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Introductory Chapter: Dental Caries-General Considerations

Written By

Laura-Cristina Rusu and Lavinia Cosmina Ardelean

Published: 23 November 2022

DOI: 10.5772/intechopen.107650

From the Edited Volume

Dental Caries - The Selection of Restoration Methods and Restorative Materials

Edited by Laura-Cristina Rusu and Lavinia Cosmina Ardelean

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1. Introduction

Dental caries, a most common chronic disease, affecting the global population, has been defined as: “a biofilm-mediated, sugar-driven, multifactorial, dynamic disease that results in the phasic demineralization and remineralization of dental hard tissues” [1].

Dental caries is currently considered the most prevalent chronic oral disease, with great influence on both oral and systemic health, as oral bacteria play specific roles in secondary infections of internal organs, with potentially serious consequences on the general health [2].


2. Dental caries-general considerations

Dental caries is primarily caused by the interaction of the oral biofilm with fermentable dietary carbohydrates on the tooth surface, but its etiology is, in fact, much more complex, involving the influence of numerous risk and protective factors, as well [3].

Dental caries is represented by the localized demineralization of the tooth structure, with progressive loss of its components. The main process involved in its initiation is the demineralization of the tooth, in the presence of a low salivary pH, further exposing the dental structures to the action of pathological agents.

Being the first body fluid coming in contact with oral pathogens, saliva is responsible for their neutralization, thus controlling the homeostasis of the oral environment. The flow rate, composition, and pH of the saliva are important variables for the initiation and progression of dental caries. It also plays an important role in controlling the mineral content of the tooth and protecting its integrity, being involved in the remineralization process [4].

Dietary habits are another important factor in developing dental caries. A frequent exposure to fermentable carbohydrates triggers modifications of the oral environment, which facilitate the growth of acidogenic bacteria and appearance of cariogenic biofilm. A retentive tooth anatomy, with steep pits and fissures or with gingival recession, exposing the root, represents favoring factors [5].

Basically, the cumulative action of all these factors, for a certain period of time, results in occurrence of dental caries. Characterized by a progressive evolution, dental caries is being reversible in early stages of the demineralization process [6].

A proper oral hygiene is crucial in preventing or arresting the process. Tooth brushing, flossing, and rinsing not only mechanically clean the teeth, and disrupt the biofilm, but also remove most of the bacteria and enable new colonization of the clean tooth surface. In cases of high risk of developing dental caries, topical fluoride agents are frequently recommended as a preventive method. However, rough surfaces restrict proper biofilm removal. In cases of steep pits and fissures, sealants play an important role in preventing and arresting initial lesions [1].

Caries detection in early stages of demineralization, when only enamel has been affected, is traditionally carried out by visual inspection and probing, appearing as white, chalky, and opaque spots, with unaltered surface texture, in case of non-cavitated lesions. As the lesion advances, a rough surface, softer than sound enamel, can be detected. Noncavitated lesions on proximal surfaces are visually undetectable. A cavitated enamel lesion is perceived as a surface breakdown, sensitive to probing. After passing the dentin-enamel junction, the carious process advances more rapidly, spreading in the less mineralized dentin, weaker to the acid attack. In this stage, pain and sensitivity usually occur. With the aid of currently available detection methods, such as fluorescence-based or light-based techniques, early detection of caries has become handy [7].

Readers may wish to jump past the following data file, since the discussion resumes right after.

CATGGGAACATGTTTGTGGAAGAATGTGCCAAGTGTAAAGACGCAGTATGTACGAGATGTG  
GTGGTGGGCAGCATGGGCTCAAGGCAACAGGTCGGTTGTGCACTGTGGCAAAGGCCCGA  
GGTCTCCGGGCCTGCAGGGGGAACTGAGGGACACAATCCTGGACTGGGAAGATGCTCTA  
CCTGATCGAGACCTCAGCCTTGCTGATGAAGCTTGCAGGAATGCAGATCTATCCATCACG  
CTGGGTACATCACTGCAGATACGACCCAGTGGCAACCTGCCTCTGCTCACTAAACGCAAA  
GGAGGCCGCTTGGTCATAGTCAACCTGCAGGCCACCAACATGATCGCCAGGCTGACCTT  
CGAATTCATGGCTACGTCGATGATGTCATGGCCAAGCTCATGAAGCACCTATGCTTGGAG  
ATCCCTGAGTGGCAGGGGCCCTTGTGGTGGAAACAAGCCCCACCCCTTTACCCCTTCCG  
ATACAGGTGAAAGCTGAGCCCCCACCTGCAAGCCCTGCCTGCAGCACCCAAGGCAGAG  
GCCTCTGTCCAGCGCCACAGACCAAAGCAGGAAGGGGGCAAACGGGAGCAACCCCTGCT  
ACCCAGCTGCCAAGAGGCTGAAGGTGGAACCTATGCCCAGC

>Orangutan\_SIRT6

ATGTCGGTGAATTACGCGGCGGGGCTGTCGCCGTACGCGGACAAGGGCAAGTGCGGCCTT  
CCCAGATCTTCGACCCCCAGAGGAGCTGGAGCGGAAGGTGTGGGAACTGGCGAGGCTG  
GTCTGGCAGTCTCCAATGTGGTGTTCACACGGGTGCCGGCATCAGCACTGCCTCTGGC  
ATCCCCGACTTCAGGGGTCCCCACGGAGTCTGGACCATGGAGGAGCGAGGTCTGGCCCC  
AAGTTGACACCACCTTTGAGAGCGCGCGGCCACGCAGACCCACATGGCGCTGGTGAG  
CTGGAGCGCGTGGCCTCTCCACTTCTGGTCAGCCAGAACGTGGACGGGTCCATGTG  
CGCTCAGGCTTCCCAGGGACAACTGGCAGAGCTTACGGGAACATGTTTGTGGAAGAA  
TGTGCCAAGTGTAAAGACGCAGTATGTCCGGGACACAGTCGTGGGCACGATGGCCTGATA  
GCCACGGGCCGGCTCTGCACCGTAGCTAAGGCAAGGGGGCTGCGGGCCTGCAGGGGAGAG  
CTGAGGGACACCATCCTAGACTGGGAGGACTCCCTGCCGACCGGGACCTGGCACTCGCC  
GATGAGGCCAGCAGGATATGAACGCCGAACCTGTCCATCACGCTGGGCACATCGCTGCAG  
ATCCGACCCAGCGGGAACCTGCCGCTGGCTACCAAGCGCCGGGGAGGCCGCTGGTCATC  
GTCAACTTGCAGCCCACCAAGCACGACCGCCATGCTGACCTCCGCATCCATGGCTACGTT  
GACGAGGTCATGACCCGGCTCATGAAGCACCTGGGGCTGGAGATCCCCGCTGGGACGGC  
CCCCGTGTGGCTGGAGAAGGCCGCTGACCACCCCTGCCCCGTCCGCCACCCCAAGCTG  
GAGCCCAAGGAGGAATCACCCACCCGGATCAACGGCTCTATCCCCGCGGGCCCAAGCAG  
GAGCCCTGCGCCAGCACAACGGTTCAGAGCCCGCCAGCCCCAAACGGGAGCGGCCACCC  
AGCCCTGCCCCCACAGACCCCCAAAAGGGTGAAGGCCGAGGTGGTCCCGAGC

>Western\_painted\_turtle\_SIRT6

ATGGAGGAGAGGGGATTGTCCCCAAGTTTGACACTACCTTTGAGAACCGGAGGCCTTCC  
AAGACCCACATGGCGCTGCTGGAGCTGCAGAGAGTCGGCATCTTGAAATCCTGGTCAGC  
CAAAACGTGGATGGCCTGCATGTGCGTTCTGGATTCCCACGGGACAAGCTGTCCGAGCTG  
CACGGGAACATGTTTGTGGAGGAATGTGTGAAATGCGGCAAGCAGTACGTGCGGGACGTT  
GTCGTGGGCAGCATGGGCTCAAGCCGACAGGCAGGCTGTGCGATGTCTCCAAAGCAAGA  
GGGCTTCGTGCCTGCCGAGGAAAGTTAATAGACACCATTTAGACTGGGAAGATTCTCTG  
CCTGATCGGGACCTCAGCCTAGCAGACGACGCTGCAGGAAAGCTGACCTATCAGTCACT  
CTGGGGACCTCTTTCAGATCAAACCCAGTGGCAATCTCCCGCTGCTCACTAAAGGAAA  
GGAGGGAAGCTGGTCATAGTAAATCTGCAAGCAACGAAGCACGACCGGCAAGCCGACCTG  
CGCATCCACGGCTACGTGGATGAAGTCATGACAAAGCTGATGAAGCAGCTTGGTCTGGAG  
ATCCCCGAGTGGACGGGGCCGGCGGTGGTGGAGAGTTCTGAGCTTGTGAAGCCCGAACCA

When caries progresses, causing tooth structure destruction, it requires repair, the main goal is preserving the vitality of the pulp. Conservative preparations, followed by small-size restorations, have a potentially less negative impact on tooth function and esthetics, also preserving the strength of the remnant hard tissue.

Materials choice and selection have to consider several factors, and the dentist has to present the available choices to the patient. Usually, patient’s decision is mainly focused on esthetic and price considerations, but, other important factors, such as the extent of the preparation and the possibility of proper isolation of the working field, should be taken into account.

The most common choice is composite restorations, adhesively bonded, which allow a conservative approach to the preparation, and also provide excellent esthetics [8].

However, untreated dental caries may result in complications, usually accompanied by severe pain, with an important impact on daily living. The ultimate consequences are acute or chronic pulpitis and apical periodontitis, which require much more complicated and expensive treatment. Extreme cases may even require tooth extraction, followed by undesired repercussions on local and general health.


3. Conclusion

The goal in the management of dental caries is to address its causative factors, and maintain a neutral oral pH.


Conflict of interest

The authors declare no conflict of interest.


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Written By

Laura-Cristina Rusu and Lavinia Cosmina Ardelean

Published: 23 November 2022